The Japanese Defense Reform No One Is Talking About
Image Credit: Wikimedia Commons/ 治部少輔

The Japanese Defense Reform No One Is Talking About

 
 

On May 14, Prime Minister Shinzo Abe’s cabinet approved a set of legislative packages that would change the operational parameters of the Japan Self-Defense Forces (JSDF). During a press conference held on the same day, Abe explained that these legislative changes are absolutely critical for Japan to defend itself in a fast-changing security environment and continue its efforts in making a “proactive contribution to peace.”

The legislative package will be the central focus of legislative deliberation in the Japanese Diet in the coming few months. Already, opposition parties, the Democratic Party of Japan (DPJ) in particular, are openly complaining about Abe’s “promise” to pass the legislation through the Diet by the end of this summer in his April 29 speech in front of the U.S. Congress. Critics see that pledge as a sign of Abe’s contempt for the Diet, claiming that he committed Japan to actions that are not yet authorized by the Japanese Diet. As public opinion polls, such as the one conducted by Nippon Hoso Kyokai (NHK) and released on May 11, 2015, continue to show almost an even split on the potential for JSDF assuming a greater role overseas, the Abe government will face an uphill battle as it pushes through this legislation, which is critical in implementing the new U.S.-Japan Guidelines for Defense Cooperation.

In this highly politically-charged atmosphere, focused almost exclusively on the new legislation package, one critical issue in Japan’s defense reform is being left behind: defense acquisition reform.

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In the new guidelines, both sides referred to the importance of expanding bilateral cooperation in the areas of defense equipment and technology. With the Abe government setting out new principles for arms exports in April 2014, thereby relaxing the restrictions that were previously imposed on the export of defense equipment by Japanese industry, this area indeed offers a great deal of potential for alliance cooperation.

Defense acquisition reform, an effort that is long overdue, is a critical part in Japan’s endeavor to maximize the potential of this policy revision. In February 2015, Japan’s Ministry of Defense (JMOD) announced that it will establish the Acquisition and Logistics Agency (ATLA). To be headed by a commissioner who has seniority equivalent to an administrative vice minister (the top bureaucratic position), the new ATLA is expected to absorb JMOD’s resident research and development and contract management functions. By doing so, this new organization is expected to provide oversight in five core functions: acquisition program management, promotion of defense equipment cooperation with the United States and Japan’s other trusted security partners, research and development, execution of acquisition reform, and preservation of Japan’s indigenous defense industrial base.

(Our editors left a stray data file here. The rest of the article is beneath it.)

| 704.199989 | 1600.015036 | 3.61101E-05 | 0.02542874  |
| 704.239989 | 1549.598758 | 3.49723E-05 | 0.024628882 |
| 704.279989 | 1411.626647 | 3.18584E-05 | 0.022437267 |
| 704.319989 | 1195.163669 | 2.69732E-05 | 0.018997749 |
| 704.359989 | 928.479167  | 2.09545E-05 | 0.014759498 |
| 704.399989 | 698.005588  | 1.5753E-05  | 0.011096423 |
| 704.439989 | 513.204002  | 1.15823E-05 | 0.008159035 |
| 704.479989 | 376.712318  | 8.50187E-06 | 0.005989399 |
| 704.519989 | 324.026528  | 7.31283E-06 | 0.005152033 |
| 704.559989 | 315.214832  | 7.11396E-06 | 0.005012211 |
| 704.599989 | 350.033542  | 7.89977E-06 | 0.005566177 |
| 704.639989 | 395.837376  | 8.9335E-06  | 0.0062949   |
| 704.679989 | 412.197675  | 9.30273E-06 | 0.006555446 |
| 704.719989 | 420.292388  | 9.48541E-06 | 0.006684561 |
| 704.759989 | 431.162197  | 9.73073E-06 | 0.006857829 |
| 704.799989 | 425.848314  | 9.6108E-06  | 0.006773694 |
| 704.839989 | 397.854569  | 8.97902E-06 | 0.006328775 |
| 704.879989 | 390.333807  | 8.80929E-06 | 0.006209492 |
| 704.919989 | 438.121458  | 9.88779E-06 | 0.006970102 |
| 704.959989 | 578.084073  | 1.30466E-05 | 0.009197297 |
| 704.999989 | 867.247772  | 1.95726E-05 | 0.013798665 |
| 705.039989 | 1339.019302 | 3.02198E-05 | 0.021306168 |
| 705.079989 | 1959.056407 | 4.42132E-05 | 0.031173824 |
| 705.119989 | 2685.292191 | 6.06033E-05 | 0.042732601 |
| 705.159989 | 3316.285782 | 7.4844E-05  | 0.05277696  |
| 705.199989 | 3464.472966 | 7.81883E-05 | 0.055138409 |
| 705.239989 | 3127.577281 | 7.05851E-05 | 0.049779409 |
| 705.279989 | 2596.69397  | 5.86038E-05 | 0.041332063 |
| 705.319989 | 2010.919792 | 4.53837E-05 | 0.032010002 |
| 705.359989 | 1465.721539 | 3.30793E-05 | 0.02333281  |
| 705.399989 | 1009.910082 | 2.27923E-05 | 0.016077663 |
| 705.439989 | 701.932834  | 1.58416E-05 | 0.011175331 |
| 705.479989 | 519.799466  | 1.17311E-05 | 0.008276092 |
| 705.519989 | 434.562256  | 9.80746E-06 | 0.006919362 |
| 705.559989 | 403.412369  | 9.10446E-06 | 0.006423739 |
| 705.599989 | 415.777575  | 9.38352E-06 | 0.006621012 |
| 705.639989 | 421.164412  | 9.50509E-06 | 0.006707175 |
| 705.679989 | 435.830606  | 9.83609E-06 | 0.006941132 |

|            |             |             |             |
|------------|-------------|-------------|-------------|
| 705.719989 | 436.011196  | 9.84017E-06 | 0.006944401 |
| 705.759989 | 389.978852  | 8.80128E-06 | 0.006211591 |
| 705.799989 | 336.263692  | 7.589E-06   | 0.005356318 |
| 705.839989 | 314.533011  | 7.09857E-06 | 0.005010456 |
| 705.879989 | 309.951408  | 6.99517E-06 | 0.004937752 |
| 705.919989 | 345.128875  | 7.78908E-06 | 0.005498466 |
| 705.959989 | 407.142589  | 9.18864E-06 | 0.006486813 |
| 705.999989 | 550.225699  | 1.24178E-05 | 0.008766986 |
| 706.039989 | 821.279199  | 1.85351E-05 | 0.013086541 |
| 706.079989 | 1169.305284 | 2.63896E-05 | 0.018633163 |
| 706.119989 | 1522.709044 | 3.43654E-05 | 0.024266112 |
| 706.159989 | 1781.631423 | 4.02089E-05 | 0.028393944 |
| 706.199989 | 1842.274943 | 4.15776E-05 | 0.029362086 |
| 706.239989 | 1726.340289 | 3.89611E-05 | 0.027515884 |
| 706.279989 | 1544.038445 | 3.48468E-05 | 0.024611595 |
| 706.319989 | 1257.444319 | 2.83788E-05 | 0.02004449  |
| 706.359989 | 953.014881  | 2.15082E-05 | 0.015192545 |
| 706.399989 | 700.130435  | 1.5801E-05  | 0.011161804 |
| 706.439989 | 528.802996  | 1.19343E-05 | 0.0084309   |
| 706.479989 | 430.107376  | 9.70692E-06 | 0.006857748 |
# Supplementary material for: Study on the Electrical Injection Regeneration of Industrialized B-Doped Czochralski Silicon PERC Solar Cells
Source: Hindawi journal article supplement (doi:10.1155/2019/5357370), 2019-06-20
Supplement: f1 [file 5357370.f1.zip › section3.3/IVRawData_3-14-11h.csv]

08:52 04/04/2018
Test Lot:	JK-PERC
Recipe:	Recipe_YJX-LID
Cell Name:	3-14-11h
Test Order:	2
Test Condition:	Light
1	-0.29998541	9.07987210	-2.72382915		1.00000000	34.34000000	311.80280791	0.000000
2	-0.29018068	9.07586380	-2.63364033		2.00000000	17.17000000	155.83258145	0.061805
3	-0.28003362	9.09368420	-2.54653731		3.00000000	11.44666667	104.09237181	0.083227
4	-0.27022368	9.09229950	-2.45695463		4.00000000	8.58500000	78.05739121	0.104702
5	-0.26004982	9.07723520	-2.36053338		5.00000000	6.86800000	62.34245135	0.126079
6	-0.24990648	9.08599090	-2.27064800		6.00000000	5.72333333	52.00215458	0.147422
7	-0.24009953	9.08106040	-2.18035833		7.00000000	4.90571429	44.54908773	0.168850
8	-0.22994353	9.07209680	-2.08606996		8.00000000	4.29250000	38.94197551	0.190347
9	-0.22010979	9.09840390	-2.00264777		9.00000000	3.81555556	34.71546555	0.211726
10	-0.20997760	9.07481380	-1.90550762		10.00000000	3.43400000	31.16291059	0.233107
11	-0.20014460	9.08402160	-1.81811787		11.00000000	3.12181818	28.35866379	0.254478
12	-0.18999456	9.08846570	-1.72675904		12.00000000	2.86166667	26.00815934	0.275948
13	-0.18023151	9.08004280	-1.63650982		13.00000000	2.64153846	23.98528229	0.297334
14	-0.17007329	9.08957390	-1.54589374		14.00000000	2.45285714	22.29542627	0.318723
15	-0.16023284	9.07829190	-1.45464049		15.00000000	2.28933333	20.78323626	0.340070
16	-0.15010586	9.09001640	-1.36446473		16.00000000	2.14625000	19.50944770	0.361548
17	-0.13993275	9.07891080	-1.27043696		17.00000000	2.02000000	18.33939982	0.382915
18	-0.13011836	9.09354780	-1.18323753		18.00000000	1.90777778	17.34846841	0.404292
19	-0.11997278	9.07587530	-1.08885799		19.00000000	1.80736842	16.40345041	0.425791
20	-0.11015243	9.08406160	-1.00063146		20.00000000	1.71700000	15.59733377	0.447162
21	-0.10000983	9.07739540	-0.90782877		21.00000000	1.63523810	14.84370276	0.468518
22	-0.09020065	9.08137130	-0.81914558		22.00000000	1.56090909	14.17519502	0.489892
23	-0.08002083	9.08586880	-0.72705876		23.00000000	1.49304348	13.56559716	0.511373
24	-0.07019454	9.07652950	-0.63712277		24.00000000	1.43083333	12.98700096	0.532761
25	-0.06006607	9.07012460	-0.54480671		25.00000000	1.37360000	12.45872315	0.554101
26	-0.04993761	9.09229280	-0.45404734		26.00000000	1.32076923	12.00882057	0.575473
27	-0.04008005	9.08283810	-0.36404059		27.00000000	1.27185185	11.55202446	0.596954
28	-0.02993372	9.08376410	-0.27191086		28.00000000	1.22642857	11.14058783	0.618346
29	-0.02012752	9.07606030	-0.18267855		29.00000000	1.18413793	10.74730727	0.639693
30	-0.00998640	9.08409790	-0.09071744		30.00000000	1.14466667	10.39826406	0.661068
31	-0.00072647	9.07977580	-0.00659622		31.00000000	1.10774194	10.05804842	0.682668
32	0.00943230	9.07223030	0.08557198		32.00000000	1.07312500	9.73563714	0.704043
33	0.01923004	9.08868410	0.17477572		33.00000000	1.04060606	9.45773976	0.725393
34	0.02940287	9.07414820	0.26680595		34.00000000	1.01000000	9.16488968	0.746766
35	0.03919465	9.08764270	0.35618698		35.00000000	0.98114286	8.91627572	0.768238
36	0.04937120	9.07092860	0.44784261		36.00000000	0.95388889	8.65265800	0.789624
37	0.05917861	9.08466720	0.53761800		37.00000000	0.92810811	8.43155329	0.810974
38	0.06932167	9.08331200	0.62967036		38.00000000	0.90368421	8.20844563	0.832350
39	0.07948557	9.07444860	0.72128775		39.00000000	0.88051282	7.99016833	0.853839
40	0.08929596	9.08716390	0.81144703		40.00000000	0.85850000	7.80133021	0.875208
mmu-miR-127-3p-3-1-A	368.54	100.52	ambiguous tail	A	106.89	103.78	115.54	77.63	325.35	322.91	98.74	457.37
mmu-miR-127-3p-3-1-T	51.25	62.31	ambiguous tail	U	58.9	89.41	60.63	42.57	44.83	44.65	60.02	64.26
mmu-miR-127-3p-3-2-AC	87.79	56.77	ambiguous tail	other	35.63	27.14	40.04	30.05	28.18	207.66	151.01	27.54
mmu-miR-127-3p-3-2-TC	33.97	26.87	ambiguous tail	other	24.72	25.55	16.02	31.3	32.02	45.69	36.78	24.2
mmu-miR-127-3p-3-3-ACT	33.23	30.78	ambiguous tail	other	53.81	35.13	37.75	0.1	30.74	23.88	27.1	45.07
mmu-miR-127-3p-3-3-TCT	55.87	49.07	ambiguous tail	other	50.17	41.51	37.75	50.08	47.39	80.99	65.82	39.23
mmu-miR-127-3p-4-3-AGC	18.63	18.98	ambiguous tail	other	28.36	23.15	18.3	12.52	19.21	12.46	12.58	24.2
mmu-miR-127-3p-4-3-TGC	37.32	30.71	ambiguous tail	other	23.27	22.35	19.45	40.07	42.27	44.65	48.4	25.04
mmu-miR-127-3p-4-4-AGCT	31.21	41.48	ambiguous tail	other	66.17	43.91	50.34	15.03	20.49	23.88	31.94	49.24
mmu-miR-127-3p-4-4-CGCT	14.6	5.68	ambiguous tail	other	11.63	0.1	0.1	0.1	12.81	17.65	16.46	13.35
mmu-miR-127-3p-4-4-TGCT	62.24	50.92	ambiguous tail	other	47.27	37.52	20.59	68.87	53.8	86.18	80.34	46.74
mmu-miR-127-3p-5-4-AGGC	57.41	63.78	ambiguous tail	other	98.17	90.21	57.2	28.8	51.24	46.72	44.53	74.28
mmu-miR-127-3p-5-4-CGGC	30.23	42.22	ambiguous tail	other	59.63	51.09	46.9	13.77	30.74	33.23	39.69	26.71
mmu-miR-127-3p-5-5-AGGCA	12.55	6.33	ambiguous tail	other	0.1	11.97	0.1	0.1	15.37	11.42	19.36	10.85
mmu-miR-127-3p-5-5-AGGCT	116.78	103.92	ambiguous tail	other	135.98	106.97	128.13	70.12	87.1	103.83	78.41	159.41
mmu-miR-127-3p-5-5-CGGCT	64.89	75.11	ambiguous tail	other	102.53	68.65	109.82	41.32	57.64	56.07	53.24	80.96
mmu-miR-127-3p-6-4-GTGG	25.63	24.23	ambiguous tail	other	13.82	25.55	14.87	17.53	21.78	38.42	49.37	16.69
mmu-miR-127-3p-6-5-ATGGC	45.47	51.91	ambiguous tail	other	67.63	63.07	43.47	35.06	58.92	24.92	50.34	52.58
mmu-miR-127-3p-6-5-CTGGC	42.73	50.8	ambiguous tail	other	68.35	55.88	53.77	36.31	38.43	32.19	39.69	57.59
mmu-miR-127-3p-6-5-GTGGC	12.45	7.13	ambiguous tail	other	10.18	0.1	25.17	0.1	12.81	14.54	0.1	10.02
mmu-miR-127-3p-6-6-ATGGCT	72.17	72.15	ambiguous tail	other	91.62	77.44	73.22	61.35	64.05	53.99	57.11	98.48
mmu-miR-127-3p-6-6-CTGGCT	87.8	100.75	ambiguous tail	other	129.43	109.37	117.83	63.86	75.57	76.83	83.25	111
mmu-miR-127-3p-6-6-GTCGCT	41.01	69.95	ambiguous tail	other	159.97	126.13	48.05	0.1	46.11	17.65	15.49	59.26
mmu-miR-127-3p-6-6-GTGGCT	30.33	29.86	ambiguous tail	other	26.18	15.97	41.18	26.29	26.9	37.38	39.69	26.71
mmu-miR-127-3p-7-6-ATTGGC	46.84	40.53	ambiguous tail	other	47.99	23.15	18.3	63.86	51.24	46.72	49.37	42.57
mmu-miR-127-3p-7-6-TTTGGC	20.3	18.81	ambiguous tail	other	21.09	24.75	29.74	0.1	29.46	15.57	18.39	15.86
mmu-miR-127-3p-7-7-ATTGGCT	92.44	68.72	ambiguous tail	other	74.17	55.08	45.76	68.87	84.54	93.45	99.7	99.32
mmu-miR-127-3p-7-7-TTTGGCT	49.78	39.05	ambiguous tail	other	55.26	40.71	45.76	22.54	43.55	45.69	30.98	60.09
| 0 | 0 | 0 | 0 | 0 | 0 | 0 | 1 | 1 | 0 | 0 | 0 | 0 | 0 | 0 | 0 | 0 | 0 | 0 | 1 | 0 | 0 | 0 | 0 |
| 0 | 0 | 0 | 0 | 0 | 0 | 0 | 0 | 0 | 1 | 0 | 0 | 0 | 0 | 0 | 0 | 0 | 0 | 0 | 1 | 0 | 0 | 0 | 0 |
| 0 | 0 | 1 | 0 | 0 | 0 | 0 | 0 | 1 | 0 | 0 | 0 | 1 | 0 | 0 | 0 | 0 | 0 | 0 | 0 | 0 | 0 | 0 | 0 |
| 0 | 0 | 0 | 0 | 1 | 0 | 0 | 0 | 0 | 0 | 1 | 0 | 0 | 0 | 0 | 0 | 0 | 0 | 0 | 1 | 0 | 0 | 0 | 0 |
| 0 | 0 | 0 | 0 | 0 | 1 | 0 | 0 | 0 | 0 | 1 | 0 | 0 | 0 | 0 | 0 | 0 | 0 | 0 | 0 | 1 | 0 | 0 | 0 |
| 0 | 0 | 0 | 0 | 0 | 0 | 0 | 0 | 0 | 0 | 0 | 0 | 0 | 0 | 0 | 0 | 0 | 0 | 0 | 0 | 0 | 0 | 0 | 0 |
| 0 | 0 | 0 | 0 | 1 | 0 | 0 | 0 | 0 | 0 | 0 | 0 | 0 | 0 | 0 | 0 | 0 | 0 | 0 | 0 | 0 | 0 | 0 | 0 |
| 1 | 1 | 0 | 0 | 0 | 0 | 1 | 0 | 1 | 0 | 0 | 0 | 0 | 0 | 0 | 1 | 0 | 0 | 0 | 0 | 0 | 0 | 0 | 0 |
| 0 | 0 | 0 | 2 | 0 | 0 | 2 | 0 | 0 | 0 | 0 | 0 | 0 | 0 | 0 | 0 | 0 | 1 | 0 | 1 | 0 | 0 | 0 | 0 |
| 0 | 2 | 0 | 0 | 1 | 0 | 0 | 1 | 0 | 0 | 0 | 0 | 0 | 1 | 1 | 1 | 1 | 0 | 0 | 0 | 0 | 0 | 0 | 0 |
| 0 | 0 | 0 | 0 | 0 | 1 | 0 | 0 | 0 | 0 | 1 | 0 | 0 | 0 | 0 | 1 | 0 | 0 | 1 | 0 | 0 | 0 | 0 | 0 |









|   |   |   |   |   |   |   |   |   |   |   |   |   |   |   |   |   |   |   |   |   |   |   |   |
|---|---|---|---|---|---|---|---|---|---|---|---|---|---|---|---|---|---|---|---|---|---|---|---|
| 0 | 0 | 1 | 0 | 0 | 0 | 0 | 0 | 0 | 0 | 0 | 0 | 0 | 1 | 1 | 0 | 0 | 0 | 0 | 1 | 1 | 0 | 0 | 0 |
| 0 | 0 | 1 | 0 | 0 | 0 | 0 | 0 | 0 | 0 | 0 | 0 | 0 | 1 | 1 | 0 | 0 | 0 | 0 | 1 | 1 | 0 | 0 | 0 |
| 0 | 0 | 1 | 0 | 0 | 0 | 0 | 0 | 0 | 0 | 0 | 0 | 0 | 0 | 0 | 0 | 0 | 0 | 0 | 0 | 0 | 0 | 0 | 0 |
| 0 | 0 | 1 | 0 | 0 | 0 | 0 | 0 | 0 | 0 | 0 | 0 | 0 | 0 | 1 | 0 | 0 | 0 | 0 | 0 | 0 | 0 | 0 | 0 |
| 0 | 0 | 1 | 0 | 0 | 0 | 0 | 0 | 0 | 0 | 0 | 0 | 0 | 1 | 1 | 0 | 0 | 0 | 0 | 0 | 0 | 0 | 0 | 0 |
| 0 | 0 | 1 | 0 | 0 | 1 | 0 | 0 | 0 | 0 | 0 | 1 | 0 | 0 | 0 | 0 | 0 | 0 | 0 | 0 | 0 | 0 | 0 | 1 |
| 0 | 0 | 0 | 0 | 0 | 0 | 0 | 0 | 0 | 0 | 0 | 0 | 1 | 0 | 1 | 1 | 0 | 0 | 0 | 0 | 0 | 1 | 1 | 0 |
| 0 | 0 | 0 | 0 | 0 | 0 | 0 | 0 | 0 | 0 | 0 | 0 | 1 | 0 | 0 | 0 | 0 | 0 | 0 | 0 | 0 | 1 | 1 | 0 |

However, there is a bureaucratic hurdle to overcome prior to creating the ATLA: establishing it requires modifying the Ministry of Defense’s Organization Establishment Law, which codifies the organizational structure of JMOD.  The necessary work for the modification of this law was completed months ago; we are now waiting for the Diet’s action.

However, due to the overwhelming attention received by the new defense legislation package that Abe’s Cabinet just approved, analysts are concerned that the establishment of ATLA might receive less attention, and thus lower priority, in the upcoming Diet session. This potential outcome would then delay the official launch of the organization beyond the anticipated date of October 2015.

The new U.S.-Japan Defense Guidelines overwhelmingly put the onus on the Japanese government to execute its full implementation, and the establishment of ATLA is no exception. Japan’s ongoing defense reform is composed of many elements and defense acquisition reform, which includes the ATLA establishment, is a critical part of this effort. Although less politically controversial than other aspects of reform, the legislative action necessary to launch ATLA must be treated as a high priority.

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